What have the last ten years done for us? ??Given us an ever-wider range of software for one thing. ??So, with a sizeable piece of work somewhere on the horizon, mixed up with the everyday cycle of work and play, these are the pieces of software I see myself using in the years ahead:
- OS X: I use a MacBook Pro, I like using OS X, it suits the way I like to work with its myriad keyboard shortcuts and clean lines. ??It's six years since I got my first Mac and the experience has improved with age. ??But here's??David Mitchell??asking whether it's still possible to feel smug about Apple ownership any more, though I wonder if I associate more closely with this old??Charlie Brooker??piece on all that's wrong about Apple... somewhere in between perhaps.
- iWork: This is Apple's suite of programmes to match Microsoft's Office. ??The jewel in iWork's crown has long been Keynote - an easy to use, powerful and adaptable presentation package. ??I love it... it's far too easy to throw in unnecessary animations and other ways to distract an audience from what you're trying to say. ??Pages is for word processing and I'm finding new ways of using it all the time - maybe outline view has its uses after all.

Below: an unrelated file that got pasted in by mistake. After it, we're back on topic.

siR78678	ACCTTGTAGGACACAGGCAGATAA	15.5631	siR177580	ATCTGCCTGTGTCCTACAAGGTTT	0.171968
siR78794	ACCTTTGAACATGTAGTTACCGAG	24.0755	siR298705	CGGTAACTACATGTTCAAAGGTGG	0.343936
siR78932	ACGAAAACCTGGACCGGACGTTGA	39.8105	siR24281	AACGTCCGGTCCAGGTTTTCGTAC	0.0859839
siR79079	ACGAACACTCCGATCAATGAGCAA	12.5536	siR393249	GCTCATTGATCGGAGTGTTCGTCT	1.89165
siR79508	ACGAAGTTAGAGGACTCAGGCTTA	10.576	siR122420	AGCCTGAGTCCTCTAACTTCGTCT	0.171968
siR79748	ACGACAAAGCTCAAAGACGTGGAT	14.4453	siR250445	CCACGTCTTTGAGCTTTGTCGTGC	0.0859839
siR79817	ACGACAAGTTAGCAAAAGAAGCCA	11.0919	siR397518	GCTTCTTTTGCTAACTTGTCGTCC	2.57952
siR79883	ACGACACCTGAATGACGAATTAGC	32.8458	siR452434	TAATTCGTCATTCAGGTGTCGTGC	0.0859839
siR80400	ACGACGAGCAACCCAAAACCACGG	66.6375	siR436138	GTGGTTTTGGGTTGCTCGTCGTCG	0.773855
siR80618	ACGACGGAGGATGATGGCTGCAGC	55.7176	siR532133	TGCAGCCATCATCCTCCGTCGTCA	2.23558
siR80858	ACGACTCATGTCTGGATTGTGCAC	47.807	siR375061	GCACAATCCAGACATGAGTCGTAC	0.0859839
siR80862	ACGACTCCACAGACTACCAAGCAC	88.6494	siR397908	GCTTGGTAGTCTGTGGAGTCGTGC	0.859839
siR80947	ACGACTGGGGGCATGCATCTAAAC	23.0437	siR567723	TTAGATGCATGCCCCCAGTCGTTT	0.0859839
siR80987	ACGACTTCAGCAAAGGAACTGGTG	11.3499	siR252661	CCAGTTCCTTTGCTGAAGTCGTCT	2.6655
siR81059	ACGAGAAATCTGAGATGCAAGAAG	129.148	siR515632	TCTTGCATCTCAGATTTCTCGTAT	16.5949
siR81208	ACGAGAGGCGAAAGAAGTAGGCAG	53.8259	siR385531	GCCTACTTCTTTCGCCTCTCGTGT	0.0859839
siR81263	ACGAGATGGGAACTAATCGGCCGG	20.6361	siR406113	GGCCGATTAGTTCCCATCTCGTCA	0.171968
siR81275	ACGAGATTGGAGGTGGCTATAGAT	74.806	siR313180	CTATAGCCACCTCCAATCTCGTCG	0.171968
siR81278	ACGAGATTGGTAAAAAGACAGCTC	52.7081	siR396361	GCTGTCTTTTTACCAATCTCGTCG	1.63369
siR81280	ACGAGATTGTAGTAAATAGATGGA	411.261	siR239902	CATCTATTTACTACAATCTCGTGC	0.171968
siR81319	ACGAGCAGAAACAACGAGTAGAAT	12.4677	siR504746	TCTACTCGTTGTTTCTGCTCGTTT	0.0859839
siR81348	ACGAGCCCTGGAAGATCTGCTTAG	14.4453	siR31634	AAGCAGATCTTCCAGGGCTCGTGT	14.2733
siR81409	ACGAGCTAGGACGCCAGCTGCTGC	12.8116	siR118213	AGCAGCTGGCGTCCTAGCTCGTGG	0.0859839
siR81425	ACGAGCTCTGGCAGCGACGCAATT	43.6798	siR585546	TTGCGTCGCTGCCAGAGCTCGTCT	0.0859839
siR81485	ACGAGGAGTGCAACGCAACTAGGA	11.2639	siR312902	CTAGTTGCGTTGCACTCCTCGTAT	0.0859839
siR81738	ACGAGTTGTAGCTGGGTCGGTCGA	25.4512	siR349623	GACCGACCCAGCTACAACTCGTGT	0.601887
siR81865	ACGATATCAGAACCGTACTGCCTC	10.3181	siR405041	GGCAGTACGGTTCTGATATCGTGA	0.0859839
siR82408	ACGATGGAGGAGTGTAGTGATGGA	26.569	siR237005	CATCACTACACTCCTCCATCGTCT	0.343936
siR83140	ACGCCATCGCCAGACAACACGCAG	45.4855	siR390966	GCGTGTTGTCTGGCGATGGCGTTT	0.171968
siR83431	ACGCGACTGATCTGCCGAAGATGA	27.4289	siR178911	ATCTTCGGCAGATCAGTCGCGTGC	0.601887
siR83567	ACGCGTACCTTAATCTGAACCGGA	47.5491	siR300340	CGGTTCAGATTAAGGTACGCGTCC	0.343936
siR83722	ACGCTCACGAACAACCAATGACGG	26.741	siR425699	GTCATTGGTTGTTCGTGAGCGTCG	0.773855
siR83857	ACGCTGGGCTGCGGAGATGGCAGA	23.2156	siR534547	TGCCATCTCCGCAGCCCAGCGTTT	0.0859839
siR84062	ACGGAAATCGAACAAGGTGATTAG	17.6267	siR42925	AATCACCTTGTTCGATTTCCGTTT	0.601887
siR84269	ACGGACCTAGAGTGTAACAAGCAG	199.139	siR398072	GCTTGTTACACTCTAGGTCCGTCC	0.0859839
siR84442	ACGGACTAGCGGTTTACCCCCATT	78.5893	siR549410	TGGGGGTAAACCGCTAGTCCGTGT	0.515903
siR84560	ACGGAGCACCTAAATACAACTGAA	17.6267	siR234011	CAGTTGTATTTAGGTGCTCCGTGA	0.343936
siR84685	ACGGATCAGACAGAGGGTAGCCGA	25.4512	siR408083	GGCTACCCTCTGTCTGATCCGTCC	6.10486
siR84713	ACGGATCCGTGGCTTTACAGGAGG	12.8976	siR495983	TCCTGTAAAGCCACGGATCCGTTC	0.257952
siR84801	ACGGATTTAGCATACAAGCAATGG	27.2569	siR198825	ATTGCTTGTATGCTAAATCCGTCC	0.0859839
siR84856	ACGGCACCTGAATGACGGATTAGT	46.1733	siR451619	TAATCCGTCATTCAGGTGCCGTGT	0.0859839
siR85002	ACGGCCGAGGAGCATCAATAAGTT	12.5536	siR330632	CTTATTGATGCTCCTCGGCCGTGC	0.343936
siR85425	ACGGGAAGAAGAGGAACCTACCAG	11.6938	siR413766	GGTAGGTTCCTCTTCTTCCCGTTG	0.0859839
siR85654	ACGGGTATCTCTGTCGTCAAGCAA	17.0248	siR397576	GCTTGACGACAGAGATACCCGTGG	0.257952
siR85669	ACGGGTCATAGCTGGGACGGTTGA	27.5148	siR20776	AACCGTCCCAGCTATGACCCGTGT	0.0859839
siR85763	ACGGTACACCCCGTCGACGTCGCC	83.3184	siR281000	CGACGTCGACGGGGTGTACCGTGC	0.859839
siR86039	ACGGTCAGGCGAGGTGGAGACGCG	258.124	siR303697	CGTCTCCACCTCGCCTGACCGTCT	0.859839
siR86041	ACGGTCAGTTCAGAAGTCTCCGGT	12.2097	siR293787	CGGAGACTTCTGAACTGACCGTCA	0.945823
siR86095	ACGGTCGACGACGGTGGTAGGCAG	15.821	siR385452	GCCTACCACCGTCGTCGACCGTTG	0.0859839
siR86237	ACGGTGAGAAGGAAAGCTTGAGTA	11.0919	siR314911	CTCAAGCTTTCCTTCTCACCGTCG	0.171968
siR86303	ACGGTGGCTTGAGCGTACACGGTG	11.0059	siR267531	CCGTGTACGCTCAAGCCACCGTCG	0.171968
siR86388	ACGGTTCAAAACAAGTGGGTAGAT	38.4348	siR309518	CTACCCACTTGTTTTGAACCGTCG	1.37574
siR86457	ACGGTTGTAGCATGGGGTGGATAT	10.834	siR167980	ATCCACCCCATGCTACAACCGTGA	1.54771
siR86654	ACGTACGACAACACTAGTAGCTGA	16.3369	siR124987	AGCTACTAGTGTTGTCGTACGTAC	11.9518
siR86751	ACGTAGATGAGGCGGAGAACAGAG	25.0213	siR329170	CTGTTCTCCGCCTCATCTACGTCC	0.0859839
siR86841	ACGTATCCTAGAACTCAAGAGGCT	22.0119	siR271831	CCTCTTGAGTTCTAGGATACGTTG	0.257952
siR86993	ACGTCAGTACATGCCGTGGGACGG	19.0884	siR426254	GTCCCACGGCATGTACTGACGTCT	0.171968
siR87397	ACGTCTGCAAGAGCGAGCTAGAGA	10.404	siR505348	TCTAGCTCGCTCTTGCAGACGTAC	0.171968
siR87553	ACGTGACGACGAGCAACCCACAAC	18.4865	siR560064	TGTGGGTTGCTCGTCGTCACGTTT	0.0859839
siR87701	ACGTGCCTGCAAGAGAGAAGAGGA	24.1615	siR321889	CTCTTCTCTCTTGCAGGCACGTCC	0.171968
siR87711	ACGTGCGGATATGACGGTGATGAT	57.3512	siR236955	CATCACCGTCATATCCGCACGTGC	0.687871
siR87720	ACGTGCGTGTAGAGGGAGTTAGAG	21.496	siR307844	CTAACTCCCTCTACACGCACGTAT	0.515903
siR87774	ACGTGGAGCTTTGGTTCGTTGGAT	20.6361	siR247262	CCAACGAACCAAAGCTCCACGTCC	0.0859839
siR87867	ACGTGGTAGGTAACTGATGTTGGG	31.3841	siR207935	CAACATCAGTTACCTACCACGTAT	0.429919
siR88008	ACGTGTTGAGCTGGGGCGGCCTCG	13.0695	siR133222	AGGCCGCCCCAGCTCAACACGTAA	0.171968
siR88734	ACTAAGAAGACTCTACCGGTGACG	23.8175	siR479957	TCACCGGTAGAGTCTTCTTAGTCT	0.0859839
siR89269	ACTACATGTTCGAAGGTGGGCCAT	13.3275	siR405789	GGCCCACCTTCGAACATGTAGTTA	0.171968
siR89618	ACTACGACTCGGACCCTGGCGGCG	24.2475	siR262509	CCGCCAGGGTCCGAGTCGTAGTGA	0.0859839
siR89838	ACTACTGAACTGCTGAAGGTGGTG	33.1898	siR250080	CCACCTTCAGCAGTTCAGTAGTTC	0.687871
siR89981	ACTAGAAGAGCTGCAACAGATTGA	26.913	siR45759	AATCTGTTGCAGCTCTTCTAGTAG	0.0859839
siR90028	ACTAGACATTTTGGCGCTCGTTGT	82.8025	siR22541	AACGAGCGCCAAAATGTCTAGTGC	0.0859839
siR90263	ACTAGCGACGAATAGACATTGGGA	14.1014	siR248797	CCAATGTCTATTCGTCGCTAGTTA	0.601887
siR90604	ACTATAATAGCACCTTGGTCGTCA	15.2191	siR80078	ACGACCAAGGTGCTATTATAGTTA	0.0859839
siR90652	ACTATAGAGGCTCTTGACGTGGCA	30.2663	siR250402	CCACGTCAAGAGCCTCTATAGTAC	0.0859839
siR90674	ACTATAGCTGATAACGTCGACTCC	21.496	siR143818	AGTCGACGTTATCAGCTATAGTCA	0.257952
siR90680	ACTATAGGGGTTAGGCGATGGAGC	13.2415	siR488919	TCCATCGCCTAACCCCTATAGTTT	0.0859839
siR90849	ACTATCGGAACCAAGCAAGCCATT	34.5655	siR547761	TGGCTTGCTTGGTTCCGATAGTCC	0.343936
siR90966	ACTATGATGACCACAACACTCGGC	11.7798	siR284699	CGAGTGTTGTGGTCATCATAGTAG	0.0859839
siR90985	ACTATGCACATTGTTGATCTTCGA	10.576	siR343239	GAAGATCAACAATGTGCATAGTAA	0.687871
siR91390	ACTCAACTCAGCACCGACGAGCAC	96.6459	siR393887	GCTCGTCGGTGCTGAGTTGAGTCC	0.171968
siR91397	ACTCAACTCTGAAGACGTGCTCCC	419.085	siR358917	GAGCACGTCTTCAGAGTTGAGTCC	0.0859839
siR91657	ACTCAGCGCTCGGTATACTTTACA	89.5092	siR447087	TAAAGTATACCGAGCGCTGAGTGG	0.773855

- Office: For better or worse, usually worse, there is sometimes a need to use Microsoft Office. ??One of the joys of the current version of Office for Mac is that it still behaves like Office - highly refreshing after a hard day's strife agains the most recent Windows version at work. ??I think there's a strong possibility that the PhD will be written in Word (if it ever gets written). ??And the reason is that the world uses Word, so the world writes plug-ins for Word and shares its files. ??Who knows, maybe things will have come on enough in the next couple of years to make it possible to write the whole project with iWork.
- Posterous: This is a new discovery for me, hosting my blog and a providing an online presence. ??It's just as easy as they say, to contribute posts, make it look nice, link it to other online media and post files (particularly pdf). ??I've tried constructing sites in the past with reasonable success, but this is really taking the pain and learning out of building a website. ??That puts extra pressure on me to keep it updated though - possibly for years to come.
- Twitter: That's a link to my Twitter feed. ??I like Twitter and enjoy using it - the people and organisations I follow have brought lots of news and stories to my attention. ??I contribute in occasional waves, but get a lot out of the to and fro of ideas. ??It's amazing what you can do with 140 characters if you're creative about it.
- Mendeley: I want to know more about Mendeley and I want to know how it can work for me. ??That means trying it out and getting used to it of course, though the potential is impressive: organising academic literature; linking researchers; providing a Word plug-in to produce references, bibliographies and so on. ??It's the Last.fm of research, and I like??Last.fm.